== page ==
Overthinking and overanalyzing is a common problem with anxiety sufferers. The mind likes to run in endless loops of worthless conjecture, questioning, dissecting and criticizing every decision and response. It becomes a hardwired obsessive behavior that leaves the person physically exhausted and emotionally drained. Without intervention and retraining of the mind, life can feel like an insurmountable hurdle.
Looking back, I would say that the first time I became depressed was when I entered fourth grade. That year, my class was divided into two groups, and I found myself separated from all my previous year’s playmates. I didn’t bounce back: that year started my long, mostly self-imposed exile at school. At recess, I paced the perimeter of the playground, and as I moved up through the grades, I effectively rendered myself invisible. The occasional thoughtless comment that came my way from some popular kid became my excuse for further isolation. Once in seventh grade I went to see the school counselor, and she showed me a poster on her wall. In the poster, a group of cartoon hippos were piling into a small boat, threatening to swamp it. The caption read, “More is not always better.” That message stayed with me, in the background, but it was many years before I really understood it or was able to assimilate it into my worldview.
Anxiety. One word, four syllables—but carries such a heavy load for millions of people across the globe. Anxiety is defined as “an emotion characterized by feelings of tension, worried thoughts, and physical changes.” As a young girl, I have always known that something didn’t feel quite right when: a) I felt faint whenever it came to public speaking, b) I hated the thought of confrontation, and c) I always felt nervous when it came to being around a group of people, etc. I never knew what it was until 20 something years later when my doctor diagnosed me with generalized anxiety disorder and social anxiety disorder, aka GAD & SAD. I finally had a name for what I was feeling all these years as a child/teenager and into adulthood. Numerous factors contributed to me developing anxiety. However, in my early twenties, I battled severe depression, and If I ever lost all hope in life, it was those 5 years because those were my darkest mental days. As the saying goes, I wish that on no one because it was a very scary place to be in.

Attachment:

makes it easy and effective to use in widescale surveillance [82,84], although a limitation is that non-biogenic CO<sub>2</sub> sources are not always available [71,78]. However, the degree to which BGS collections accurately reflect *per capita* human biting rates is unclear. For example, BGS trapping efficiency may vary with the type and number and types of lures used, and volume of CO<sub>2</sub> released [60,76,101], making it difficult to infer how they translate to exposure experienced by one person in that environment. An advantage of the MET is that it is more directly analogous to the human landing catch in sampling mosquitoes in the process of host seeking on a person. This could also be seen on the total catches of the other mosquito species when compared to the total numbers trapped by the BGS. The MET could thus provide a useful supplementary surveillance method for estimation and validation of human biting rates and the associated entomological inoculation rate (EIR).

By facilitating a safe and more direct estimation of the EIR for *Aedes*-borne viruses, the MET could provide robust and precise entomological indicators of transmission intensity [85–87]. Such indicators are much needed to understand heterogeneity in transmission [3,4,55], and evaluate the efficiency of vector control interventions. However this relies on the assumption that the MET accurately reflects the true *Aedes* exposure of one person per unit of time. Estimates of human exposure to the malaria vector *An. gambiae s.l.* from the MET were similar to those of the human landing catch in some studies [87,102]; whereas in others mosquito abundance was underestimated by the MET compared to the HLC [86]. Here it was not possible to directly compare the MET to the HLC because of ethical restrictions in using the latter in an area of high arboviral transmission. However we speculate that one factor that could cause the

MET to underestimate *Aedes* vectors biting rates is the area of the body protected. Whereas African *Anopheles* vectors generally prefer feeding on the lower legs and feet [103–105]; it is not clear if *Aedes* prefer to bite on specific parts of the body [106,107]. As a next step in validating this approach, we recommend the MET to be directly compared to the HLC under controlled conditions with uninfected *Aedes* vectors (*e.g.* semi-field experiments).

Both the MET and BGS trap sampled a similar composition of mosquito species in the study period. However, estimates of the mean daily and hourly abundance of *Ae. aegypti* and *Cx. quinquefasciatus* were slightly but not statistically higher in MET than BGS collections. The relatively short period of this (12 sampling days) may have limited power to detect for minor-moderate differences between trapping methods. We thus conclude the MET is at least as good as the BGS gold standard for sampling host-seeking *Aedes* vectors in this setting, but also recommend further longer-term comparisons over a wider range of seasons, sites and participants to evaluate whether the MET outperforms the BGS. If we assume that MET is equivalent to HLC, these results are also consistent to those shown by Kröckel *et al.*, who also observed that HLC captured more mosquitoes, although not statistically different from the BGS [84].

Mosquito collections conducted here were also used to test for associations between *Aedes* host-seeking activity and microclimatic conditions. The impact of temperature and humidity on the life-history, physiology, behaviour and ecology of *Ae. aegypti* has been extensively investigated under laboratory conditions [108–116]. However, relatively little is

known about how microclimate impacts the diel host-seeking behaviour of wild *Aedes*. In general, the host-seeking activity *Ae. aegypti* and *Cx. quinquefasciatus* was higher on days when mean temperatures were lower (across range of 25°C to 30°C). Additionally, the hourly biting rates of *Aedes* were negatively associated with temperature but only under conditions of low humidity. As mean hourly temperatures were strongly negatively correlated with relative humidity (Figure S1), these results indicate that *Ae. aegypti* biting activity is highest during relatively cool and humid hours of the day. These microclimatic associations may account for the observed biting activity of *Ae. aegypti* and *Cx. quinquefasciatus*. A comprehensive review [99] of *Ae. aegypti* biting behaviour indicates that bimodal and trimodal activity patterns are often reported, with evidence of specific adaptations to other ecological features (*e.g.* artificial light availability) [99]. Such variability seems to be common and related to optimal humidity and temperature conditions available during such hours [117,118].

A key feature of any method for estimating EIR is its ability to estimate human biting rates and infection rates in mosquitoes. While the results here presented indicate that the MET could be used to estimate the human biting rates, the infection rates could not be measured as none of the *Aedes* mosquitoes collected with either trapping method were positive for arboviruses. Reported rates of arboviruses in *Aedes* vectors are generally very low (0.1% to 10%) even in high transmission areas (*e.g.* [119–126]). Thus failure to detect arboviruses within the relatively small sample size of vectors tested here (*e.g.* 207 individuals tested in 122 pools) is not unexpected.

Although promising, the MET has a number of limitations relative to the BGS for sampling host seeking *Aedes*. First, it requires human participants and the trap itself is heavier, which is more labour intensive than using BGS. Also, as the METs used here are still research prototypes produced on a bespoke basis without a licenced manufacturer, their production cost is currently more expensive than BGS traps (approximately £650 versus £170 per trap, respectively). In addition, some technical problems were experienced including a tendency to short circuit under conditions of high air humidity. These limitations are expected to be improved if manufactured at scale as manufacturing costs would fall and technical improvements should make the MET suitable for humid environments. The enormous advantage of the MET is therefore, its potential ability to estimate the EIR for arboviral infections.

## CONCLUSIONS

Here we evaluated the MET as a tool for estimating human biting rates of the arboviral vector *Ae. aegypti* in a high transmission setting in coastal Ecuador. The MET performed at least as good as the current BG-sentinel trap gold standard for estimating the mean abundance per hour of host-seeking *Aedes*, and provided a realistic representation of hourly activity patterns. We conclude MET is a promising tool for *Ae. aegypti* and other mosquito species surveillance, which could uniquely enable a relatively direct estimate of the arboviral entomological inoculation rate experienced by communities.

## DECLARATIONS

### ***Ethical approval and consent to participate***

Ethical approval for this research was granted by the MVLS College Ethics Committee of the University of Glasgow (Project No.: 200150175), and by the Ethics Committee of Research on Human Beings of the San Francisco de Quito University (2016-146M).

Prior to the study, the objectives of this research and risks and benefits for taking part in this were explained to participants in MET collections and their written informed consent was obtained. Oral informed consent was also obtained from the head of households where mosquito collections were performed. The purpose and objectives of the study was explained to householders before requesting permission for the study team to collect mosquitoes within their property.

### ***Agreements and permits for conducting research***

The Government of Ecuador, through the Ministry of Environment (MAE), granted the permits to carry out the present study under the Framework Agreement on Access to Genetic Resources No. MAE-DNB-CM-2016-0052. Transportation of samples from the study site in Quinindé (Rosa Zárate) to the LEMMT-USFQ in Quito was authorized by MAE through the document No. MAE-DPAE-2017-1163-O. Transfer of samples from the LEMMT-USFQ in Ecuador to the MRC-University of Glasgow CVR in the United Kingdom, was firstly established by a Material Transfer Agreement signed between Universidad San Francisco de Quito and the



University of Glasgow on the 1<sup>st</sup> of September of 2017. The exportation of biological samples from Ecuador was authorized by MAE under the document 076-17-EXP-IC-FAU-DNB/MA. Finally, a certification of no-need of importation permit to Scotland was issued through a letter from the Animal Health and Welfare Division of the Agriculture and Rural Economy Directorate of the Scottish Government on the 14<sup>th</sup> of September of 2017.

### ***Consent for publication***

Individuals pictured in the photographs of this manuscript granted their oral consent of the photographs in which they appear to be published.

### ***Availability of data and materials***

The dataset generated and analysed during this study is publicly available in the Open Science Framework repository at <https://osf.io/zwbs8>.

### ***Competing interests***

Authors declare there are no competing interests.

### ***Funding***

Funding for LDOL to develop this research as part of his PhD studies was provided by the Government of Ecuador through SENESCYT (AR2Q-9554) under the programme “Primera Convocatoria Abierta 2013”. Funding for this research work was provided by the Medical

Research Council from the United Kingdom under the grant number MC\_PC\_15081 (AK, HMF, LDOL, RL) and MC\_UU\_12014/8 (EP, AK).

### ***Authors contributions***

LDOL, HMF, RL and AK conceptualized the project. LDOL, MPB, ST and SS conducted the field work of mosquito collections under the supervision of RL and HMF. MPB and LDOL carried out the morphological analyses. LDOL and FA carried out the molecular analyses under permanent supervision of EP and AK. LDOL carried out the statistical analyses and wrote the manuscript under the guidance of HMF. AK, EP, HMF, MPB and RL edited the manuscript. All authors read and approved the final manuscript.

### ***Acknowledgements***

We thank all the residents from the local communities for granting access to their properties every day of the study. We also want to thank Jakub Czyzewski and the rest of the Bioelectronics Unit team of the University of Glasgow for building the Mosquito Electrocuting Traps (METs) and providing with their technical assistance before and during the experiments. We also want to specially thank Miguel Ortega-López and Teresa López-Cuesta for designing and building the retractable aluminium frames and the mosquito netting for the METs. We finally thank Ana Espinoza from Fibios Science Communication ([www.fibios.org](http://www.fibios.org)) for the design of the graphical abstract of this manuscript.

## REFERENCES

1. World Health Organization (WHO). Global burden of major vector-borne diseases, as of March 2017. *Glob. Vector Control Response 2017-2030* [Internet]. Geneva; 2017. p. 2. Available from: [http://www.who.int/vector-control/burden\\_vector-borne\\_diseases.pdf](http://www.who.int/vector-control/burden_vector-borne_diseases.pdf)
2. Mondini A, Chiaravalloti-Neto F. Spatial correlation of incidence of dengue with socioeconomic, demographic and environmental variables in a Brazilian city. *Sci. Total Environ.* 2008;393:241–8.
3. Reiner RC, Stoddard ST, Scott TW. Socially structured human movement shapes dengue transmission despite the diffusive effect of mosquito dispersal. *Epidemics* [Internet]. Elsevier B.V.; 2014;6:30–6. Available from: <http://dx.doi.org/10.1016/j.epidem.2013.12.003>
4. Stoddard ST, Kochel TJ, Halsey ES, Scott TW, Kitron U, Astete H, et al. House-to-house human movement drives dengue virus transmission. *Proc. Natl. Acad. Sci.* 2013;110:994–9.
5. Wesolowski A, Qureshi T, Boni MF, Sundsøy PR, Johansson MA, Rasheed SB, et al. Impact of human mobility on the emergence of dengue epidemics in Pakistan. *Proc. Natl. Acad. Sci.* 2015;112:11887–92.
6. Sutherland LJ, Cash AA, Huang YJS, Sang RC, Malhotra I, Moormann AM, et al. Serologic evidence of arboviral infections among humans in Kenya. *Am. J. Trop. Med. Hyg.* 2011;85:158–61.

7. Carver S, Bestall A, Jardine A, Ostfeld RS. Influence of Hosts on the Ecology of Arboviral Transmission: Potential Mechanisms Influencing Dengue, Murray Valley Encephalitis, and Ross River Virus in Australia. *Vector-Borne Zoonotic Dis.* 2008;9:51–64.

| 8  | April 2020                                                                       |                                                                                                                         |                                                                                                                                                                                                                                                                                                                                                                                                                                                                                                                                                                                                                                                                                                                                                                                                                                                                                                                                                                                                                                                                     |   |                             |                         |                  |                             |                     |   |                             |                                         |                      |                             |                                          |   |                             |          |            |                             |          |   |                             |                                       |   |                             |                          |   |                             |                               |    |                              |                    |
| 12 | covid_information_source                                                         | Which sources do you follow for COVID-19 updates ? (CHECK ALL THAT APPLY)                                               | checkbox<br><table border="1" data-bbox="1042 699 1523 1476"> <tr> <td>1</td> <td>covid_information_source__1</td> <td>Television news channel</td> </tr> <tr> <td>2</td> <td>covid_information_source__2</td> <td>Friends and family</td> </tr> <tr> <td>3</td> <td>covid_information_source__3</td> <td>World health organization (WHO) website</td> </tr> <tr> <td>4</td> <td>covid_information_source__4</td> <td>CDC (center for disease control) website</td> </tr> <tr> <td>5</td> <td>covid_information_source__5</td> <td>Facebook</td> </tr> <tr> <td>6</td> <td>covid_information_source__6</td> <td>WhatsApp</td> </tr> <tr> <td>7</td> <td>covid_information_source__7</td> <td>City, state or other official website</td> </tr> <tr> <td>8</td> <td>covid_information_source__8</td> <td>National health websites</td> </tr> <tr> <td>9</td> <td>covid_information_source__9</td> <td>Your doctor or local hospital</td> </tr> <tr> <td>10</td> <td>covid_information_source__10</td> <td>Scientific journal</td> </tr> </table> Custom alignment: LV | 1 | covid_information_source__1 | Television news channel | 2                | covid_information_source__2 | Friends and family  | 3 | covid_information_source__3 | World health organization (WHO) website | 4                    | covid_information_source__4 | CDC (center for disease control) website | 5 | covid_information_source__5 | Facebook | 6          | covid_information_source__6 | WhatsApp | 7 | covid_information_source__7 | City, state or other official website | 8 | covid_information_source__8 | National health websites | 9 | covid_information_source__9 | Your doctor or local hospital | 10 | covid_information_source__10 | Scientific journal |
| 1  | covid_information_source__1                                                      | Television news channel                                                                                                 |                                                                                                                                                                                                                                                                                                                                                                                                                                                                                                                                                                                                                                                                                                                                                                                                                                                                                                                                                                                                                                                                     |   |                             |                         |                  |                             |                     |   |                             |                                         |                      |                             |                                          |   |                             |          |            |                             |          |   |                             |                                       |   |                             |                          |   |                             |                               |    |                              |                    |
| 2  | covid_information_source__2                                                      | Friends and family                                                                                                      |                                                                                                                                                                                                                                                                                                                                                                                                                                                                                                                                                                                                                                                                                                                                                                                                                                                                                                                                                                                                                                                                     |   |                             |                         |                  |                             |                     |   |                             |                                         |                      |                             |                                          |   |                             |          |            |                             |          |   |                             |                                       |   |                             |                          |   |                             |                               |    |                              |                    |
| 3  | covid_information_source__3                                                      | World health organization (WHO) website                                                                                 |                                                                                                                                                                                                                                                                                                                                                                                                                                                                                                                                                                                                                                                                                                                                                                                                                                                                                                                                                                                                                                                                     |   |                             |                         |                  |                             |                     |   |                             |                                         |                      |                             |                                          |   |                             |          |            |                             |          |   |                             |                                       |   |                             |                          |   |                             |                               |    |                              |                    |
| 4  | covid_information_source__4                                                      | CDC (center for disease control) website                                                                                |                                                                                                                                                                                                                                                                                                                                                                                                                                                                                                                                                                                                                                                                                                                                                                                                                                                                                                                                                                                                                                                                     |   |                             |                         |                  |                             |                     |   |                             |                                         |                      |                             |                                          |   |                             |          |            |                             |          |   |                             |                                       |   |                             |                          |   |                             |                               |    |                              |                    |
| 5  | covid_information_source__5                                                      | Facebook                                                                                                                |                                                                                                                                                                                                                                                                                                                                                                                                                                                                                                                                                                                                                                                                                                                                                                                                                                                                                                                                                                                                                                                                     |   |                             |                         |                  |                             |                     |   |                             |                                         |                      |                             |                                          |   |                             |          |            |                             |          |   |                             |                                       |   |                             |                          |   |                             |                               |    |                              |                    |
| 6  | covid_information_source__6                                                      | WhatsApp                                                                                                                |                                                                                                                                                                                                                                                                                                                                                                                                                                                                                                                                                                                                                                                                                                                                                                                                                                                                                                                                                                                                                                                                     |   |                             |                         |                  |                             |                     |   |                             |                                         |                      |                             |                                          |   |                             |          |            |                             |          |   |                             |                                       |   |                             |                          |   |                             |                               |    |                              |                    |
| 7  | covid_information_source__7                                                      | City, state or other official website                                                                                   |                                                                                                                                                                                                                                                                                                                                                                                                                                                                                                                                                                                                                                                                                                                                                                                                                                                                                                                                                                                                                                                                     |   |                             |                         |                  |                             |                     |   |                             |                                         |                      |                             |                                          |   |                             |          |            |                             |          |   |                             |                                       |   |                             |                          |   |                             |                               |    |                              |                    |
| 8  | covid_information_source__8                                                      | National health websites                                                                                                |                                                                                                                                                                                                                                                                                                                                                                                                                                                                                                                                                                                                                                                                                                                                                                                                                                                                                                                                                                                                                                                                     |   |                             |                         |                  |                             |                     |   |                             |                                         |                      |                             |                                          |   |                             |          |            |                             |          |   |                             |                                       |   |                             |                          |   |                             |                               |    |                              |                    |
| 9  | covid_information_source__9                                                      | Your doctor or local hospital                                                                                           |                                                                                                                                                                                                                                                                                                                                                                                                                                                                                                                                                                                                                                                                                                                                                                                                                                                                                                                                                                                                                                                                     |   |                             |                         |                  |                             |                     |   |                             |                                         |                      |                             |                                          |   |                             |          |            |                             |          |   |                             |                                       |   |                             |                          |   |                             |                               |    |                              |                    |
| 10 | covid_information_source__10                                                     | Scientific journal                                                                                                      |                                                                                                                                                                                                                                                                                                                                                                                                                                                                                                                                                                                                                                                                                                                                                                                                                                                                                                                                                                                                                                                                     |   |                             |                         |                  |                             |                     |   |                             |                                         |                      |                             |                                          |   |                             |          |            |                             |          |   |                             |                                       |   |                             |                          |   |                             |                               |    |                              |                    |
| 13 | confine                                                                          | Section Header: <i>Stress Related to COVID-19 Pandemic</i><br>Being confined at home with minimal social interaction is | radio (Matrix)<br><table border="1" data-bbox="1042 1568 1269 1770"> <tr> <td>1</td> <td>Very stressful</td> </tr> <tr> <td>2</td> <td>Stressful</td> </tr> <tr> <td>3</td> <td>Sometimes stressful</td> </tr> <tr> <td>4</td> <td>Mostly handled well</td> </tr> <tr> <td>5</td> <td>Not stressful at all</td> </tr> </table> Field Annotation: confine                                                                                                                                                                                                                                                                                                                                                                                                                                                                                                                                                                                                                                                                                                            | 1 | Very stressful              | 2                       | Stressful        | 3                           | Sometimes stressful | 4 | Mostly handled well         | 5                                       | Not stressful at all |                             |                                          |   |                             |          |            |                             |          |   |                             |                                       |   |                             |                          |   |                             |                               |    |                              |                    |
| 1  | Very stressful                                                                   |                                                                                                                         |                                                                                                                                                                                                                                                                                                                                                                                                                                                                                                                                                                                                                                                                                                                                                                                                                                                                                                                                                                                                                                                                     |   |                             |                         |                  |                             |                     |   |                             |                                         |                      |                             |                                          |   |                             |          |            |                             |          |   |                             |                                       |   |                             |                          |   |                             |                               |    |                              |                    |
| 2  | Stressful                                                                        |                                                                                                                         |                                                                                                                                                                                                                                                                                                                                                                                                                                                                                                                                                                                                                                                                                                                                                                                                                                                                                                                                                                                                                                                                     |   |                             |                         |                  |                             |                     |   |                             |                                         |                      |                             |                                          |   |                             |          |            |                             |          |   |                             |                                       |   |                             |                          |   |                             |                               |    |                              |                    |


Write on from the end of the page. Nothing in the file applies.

Have you ever felt broken? What are some possible scenarios which may make a person feel broken? Do you think it could be a frightening health diagnosis? Could it be losing one’s job or home? What about coping with the loss of a loved one? Could it be the loss of a relationship or a business? Yes, yes, yes, and yes. How many people do you know seem to lead a perfect life? There are quite few, if any, who have never had a factor which could potentially cause one to feel broken. It is part of being human.
The tipping point which threatened to shatter my life was our son’s pancreatic cancer diagnosis. All I could think of was the horrifically short life expectancies of people who have received this diagnosis. He had already experienced two years of symptoms prior to this. Our son was only thirty-one years old when he was diagnosed. It can be devastating to lose a family member, particularly from the younger generation. Initially, I lost my desire to eat and my ability to sleep. Pounds as well as hair began to break away from my body.
Founded in 2014 by Dr. Phoebe Chi, PhoebeMD: Health + Inspiration (HealthInspiration.org) is a health information and literary arts website that aims to inspire, empower, and inform through a curated mix of essential health information, uplifting stories, and original poetry.